Grounding of electrical receptacles (which some laypeople refer to as outlets) is an important safety feature that has been required in new construction since 1962, as it minimizes the risk of electric shock and protects electrical equipment from damage. Modern, grounded 120-volt receptacles in the United States have a small, round ground slot centered below two vertical hot and neutral slots, and it provides an alternate path for electricity that may stray from an appliance. Older homes often have ungrounded, two-slot receptacles that are outdated and potentially dangerous. Homeowners sometimes attempt to perform the following dangerous modifications to ungrounded receptacles:
- the use of an adapter, also known as a "cheater plug." Adapters permit the ungrounded operation of appliances that are designed for grounded operation. These are a cheaper alternative to replacing ungrounded receptacles, but are less safe than properly grounding the connected appliance;
- replacing a two-slot receptacle with a three-slot receptacle without re-wiring the electrical system so that a path to ground is provided to the receptacle. While this measure may serve as a seemingly proper receptacle for three-pronged appliances, this “upgrade” is potentially more dangerous than the use of an adapter because the receptacle will appear to be grounded and future owners might never be aware that their system is not grounded. If a building still uses knob-and-tube wiring, it is likely than any three-slot receptacles are ungrounded. To be sure, InterNACHI inspectors may test suspicious receptacles for grounding; and
- removal of the ground pin from an appliance. This common procedure not only prevents grounding but also bypasses the appliance’s polarizing feature, since a de-pinned plug can be inserted into the receptacle upside-down.
While homeowners may be made aware of the limitations of ungrounded electrical receptacles, upgrades are not necessarily required. Many small electrical appliances, such as alarm clocks and coffee makers, are two-pronged and are thus unaffected by a lack of grounding in the building’s electrical system.
Upgrading the system will bring it closer to modern safety standards, however, and this may be accomplished in the following ways:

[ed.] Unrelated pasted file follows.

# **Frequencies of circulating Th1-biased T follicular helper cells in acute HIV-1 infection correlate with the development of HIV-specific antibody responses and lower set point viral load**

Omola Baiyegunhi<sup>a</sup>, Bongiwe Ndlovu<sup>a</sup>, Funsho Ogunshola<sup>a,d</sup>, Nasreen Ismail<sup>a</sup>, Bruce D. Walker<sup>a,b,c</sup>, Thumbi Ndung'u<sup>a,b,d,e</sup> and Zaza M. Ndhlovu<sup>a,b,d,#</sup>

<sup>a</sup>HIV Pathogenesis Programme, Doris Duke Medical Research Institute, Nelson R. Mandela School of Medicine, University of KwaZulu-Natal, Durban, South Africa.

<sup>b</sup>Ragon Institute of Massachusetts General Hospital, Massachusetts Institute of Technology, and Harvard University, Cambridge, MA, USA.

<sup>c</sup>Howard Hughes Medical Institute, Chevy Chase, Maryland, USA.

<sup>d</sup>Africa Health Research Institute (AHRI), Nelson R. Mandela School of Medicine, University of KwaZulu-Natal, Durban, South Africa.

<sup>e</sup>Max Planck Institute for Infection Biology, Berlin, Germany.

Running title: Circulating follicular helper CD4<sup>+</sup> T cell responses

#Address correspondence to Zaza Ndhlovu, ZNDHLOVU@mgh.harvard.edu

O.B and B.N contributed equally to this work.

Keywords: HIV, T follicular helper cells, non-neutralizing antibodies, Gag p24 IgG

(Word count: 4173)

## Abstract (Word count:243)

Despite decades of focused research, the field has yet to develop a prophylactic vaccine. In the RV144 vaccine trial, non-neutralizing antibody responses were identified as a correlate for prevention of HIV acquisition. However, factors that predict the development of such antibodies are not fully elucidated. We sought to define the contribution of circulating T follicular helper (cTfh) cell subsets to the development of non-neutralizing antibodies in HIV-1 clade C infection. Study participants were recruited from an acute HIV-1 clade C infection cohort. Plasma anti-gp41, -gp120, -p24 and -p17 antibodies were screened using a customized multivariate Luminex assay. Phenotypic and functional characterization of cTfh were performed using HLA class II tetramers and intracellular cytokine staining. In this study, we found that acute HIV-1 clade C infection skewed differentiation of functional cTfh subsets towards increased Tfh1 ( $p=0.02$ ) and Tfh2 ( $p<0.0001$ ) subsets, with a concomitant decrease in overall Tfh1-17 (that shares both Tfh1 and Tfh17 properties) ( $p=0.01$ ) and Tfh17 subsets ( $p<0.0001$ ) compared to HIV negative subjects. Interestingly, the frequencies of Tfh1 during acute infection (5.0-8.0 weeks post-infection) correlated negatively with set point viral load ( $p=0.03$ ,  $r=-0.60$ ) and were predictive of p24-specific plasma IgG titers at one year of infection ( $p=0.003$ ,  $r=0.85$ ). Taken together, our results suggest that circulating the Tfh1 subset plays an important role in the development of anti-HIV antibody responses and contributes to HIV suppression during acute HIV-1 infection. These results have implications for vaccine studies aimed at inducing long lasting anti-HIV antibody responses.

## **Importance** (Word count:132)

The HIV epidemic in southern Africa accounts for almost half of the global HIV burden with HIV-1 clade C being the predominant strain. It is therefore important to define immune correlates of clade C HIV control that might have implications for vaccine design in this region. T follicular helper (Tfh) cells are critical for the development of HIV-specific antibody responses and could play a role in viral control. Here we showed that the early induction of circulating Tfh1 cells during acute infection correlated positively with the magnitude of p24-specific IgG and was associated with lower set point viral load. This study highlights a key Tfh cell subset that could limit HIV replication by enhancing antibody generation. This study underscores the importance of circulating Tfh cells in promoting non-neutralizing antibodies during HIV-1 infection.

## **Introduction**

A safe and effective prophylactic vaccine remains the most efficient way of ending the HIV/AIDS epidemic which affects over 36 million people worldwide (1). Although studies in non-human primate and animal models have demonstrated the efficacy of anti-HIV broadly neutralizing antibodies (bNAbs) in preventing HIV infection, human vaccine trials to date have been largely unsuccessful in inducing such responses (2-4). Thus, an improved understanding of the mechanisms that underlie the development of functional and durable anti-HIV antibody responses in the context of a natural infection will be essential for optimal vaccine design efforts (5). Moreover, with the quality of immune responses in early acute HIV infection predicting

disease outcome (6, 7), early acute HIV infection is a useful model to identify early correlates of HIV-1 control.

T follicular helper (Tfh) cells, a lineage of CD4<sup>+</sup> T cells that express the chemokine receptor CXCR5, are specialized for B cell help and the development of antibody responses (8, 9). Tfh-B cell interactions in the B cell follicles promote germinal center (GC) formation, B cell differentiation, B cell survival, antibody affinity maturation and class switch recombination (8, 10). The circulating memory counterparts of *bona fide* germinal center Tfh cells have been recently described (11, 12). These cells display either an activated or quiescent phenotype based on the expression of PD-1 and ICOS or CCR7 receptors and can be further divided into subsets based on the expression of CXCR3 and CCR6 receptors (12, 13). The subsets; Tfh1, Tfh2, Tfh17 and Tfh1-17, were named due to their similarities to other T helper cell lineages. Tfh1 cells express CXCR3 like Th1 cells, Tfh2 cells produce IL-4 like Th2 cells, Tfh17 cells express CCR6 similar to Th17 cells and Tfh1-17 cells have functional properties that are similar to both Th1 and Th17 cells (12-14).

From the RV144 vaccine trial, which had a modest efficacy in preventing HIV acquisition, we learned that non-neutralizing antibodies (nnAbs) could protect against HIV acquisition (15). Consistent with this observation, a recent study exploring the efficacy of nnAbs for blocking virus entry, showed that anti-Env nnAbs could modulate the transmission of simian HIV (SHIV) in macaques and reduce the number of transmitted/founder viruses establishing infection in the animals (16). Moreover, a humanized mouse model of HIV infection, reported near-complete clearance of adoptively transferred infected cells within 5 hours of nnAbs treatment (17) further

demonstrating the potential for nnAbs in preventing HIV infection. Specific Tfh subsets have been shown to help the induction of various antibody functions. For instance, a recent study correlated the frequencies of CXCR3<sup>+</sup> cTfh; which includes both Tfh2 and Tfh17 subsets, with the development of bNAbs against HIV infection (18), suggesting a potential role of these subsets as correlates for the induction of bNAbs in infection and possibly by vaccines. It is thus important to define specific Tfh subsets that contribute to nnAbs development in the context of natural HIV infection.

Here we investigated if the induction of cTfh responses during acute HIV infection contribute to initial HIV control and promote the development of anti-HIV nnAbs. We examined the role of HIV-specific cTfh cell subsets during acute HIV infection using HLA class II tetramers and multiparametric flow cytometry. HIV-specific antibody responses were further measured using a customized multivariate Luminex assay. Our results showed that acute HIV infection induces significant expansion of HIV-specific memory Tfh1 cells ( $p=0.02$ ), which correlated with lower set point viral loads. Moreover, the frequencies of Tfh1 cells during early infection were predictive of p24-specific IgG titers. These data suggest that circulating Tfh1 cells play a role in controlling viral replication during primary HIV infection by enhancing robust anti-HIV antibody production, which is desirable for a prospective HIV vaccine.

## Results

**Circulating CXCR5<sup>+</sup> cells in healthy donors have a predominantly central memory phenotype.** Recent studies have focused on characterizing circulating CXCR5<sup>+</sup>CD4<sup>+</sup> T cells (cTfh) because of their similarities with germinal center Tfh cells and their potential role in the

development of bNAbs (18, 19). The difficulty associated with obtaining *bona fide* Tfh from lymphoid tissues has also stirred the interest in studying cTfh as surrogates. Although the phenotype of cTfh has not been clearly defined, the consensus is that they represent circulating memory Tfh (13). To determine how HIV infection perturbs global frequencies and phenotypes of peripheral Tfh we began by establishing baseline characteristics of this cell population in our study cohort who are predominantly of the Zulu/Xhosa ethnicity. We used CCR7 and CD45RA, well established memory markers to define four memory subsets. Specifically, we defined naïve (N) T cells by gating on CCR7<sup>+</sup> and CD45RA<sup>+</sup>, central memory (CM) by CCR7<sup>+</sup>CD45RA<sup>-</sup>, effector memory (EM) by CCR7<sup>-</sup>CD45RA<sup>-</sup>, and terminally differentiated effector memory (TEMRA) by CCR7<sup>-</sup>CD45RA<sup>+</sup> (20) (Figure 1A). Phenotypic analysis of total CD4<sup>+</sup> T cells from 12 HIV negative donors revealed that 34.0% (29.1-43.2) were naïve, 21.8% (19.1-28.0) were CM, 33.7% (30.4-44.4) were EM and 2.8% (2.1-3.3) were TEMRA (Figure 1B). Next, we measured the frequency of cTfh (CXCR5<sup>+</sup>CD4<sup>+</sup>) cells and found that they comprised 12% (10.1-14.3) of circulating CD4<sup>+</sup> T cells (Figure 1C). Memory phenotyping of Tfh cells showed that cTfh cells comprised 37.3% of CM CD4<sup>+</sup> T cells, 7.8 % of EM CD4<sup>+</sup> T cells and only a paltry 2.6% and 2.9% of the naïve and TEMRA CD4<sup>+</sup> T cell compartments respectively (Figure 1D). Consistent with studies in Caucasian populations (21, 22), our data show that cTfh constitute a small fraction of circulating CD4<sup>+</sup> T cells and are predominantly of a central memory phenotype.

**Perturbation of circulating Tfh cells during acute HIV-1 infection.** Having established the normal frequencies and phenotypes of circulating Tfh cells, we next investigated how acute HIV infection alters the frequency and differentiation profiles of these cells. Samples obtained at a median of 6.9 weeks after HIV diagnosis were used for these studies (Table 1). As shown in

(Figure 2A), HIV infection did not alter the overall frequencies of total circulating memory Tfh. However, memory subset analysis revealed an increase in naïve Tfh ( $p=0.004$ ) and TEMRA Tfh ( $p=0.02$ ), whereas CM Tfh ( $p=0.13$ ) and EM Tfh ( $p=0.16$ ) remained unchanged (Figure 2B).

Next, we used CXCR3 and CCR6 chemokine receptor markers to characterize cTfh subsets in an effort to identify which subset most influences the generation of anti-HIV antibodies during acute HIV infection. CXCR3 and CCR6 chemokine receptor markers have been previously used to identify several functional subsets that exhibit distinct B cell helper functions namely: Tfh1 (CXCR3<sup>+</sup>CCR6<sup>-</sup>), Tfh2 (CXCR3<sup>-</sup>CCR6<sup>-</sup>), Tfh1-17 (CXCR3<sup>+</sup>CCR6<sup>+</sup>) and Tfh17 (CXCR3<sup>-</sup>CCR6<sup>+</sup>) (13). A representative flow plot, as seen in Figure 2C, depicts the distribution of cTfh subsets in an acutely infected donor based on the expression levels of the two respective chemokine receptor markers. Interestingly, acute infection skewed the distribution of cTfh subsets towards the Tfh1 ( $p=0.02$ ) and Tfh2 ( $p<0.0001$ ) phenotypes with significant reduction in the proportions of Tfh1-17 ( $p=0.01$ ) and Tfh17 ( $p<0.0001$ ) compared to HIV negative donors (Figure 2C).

- Install three-slot receptacles and wire them so that they’re correctly grounded.
- Install ground-fault circuit interrupters (GFCIs). These can be installed upstream or at the receptacle itself. GFCIs are an accepted replacement because they will protect against electric shocks even in the absence of grounding, but they may not protect the powered appliance. Also, GFCI-protected ungrounded receptacles may not work effectively with surge protectors. Ungrounded GFCI-protected receptacles should be identified with labels that come with the new receptacles that state: “No Equipment Ground.”
- Replace three-slot receptacles with two-slot receptacles. Two-slot receptacles correctly represent that the system is ungrounded, lessening the chance that they will be used improperly.
Homeowners and non-qualified professionals should never attempt to modify a building’s electrical components. Misguided attempts to ground receptacles to a metallic water line or ground rod may be dangerous. InterNACHI inspectors may recommend that a qualified electrician evaluate electrical receptacles and wiring.
In summary, adjustments should be made by qualified electricians -- not homeowners -- to an electrical system to upgrade ungrounded receptacles to meet modern safety standards and the requirements of today's typical household appliances.
by Nick Gromicko
From Ungrounded Electrical Receptacles - InterNACHI http://www.nachi.org/ungrounded-electrical-receptacles.htm#ixzz2NT8Wphmc